Archive for September, 2013


Practical Malware Analysis using IDA Pro….

September 15, 2013


Two versions of IDA Pro are commercially available. While both versions support x86, the advanced version supports many more processors than the standard version, most notably x64. IDA Pro also supports several file formats,
such as Portable Executable (PE), Common Object File Format (COFF), Executable and Linking Format (ELF), and a.out. We’ll focus our discussion on the x86 and x64 architectures and the PE file format.

The IDA Pro Interface
After you load a program into IDA Pro, you will see the disassembly window, as shown in Figure 5-2. This will be your primary space for manipulating and analyzing binaries, and it’s where the assembly code resides.

Disassembly Window Modes
You can display the disassembly window in one of two modes: graph (the default, shown in Figure 5-2) and text. To switch between modes, press the spacebar.

Graph Mode
In graph mode, IDA Pro excludes certain information that we recommend you display, such as line numbers and operation codes. To change these options, select OptionsGeneral, and then select Line prefixes and set the
Number of Opcode Bytes to 6. Because most instructions contain 6 or fewer bytes, this setting will allow you to see the memory locations and opcode values for each instruction in the code listing. (If these settings make everything
scroll off the screen to the right, try setting the Instruction Indentation to 8.)

Text Mode
The text mode of the disassembly window is a more traditional view, and you must use it to view data regions of a binary. Figure 5-3 displays the text mode view of a disassembled function. It displays the memory address (0040105B) and section name (.text) in which the opcodes (83EC18) will reside in memory .



The left portion of the text-mode display is known as the arrows window and shows the program’s nonlinear flow. Solid lines mark unconditional jumps, and dashed lines mark conditional jumps. Arrows facing up
indicate a loop. The example includes the stack layout for the function at and a comment (beginning with a semicolon) that was automatically added by IDA Pro .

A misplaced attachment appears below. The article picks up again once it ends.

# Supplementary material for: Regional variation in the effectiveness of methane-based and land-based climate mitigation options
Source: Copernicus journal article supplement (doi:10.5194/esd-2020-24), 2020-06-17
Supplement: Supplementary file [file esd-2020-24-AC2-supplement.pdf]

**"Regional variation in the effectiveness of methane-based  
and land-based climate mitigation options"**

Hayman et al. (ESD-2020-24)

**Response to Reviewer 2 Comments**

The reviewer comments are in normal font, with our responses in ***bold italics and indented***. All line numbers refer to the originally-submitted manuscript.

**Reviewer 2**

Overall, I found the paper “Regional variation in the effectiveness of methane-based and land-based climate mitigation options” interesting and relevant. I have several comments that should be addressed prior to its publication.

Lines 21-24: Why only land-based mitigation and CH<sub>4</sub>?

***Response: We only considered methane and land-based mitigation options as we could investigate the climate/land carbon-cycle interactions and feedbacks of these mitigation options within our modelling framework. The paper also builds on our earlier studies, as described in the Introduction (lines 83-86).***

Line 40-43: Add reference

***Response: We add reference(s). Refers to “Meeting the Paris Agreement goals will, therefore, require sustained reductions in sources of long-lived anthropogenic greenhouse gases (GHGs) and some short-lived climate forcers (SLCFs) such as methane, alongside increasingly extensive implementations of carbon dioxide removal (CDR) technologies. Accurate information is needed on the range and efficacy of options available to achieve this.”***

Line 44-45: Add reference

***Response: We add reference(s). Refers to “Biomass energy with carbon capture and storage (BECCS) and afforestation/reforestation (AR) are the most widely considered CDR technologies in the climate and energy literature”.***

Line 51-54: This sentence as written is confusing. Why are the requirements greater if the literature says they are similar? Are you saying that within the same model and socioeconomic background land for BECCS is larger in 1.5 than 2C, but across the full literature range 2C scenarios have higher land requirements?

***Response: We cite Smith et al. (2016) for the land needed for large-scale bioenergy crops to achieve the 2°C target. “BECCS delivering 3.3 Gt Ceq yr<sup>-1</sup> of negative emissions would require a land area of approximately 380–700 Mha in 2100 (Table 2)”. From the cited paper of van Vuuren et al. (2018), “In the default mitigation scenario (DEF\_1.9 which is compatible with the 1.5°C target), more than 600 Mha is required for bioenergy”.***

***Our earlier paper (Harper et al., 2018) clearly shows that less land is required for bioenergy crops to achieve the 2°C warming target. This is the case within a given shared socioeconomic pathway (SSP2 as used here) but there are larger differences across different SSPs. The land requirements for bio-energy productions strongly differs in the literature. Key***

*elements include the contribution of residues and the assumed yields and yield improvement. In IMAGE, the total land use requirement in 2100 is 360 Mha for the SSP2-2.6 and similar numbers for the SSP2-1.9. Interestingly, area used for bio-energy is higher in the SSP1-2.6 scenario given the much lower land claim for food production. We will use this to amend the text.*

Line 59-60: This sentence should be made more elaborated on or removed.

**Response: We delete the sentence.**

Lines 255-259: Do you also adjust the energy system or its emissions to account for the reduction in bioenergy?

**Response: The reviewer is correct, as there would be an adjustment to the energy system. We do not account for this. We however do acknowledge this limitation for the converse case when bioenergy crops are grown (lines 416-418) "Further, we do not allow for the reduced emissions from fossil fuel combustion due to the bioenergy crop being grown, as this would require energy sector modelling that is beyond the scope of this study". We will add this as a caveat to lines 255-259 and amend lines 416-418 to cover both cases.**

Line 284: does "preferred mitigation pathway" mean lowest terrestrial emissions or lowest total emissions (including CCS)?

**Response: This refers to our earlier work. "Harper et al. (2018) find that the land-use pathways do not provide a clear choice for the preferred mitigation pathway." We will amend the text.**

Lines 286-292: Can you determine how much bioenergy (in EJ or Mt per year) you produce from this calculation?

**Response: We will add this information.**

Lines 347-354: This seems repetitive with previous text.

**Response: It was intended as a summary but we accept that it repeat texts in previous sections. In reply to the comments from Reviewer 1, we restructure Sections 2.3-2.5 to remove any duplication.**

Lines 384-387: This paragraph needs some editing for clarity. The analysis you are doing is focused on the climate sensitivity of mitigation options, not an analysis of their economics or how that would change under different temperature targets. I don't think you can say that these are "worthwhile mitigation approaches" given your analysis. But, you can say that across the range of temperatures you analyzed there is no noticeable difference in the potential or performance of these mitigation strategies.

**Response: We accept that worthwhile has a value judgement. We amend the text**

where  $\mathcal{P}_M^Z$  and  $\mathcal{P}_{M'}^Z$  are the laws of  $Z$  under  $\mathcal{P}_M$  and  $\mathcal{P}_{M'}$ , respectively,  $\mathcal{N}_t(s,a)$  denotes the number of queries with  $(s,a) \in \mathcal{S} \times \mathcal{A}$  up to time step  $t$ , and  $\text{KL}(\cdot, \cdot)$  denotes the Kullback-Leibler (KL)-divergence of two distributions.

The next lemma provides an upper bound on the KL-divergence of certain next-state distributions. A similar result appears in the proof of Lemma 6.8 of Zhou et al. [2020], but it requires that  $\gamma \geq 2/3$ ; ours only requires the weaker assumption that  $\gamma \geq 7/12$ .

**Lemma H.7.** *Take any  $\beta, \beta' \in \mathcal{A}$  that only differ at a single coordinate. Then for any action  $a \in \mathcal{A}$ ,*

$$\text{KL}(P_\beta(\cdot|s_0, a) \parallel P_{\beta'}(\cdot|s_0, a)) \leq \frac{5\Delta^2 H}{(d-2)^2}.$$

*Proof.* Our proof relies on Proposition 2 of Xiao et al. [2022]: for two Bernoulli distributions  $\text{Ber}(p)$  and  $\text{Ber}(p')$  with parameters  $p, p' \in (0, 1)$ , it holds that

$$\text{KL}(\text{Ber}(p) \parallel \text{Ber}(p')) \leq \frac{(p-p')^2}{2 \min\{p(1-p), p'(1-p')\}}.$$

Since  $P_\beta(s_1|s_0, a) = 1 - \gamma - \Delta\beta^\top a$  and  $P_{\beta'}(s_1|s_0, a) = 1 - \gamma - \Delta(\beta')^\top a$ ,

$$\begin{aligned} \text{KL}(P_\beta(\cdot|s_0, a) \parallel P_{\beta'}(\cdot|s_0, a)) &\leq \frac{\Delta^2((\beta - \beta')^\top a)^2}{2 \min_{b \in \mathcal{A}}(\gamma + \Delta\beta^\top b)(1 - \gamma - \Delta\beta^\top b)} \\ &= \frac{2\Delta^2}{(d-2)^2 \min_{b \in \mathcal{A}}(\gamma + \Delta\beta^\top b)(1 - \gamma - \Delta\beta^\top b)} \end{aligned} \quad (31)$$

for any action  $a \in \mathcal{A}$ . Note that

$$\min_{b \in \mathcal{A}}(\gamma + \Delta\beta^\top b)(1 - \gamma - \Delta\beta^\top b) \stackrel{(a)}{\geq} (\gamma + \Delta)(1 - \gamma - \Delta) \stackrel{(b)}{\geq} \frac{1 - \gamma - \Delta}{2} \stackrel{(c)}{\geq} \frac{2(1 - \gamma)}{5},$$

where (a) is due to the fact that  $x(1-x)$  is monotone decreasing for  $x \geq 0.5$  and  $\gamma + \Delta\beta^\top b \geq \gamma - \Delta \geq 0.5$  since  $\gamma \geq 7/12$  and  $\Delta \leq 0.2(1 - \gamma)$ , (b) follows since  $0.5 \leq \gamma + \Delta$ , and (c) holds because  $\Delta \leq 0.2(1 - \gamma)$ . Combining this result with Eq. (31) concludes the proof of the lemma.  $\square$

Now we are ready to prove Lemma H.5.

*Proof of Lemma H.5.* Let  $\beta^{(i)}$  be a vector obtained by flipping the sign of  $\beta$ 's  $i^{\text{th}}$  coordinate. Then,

Using Cross-References
A cross-reference, known as an xref in IDA Pro, can tell you where a function is called or where a string is used. If you identify a useful function and want to know the parameters with which it is called, you can use a cross-reference to
navigate quickly to the location where the parameters are placed on the stack. Interesting graphs can also be generated based on cross-references, which are helpful to performing analysis.

Code Cross-References
Listing 5-2 shows a code cross-reference at  that tells us that this function (sub_401000) is called from inside the main function at offset 0x3 into the main function. The code cross-reference for the jump at  tells us which
jump takes us to this location, which in this example corresponds to the location marked at . We know this because at offset 0x19 into sub_401000 is the jmp at memory address 0x401019.

00401000 sub_401000 proc near ; CODE XREF: _main+3p
00401000 push ebp
00401001 mov ebp, esp
00401003 loc_401003: ; CODE XREF: sub_401000+19j
00401003 mov eax, 1

00401008 test eax, eax
0040100A jz short loc_40101B
0040100C push offset aLoop ; “Loop\n”
00401011 call printf
00401016 add esp, 4
00401019 jmp short loc_401003 
Listing 5-2: Code cross-references

This chapter offered only a cursory exposure to IDA Pro. Throughout this article , we will use IDA Pro in our labs as we demonstrate interesting ways to use it.
As you’ve seen, IDA Pro’s ability to view disassembly is only one small aspect of its power. IDA Pro’s true power comes from its interactive ability, and we’ve discussed ways to use it to mark up disassembly to help perform
analysis. We’ve also discussed ways to use IDA Pro to browse the assembly code, including navigational browsing, utilizing the power of cross-references, and viewing graphs, which all speed up the analysis process.

IDA Pro is a good tools for dissasembly a program and making a reverse engineering IDA Pro is widely use for malware analysis to analyze malware. We can use IDA Pro to see the overall dissasembly process and the program code in graph view and text view. We need to have some assembly language knowledge to dissasemble a program.

p/s:- The above article is taken from excerpt ” Practical Malware Analysis – by Michael Sikorski”.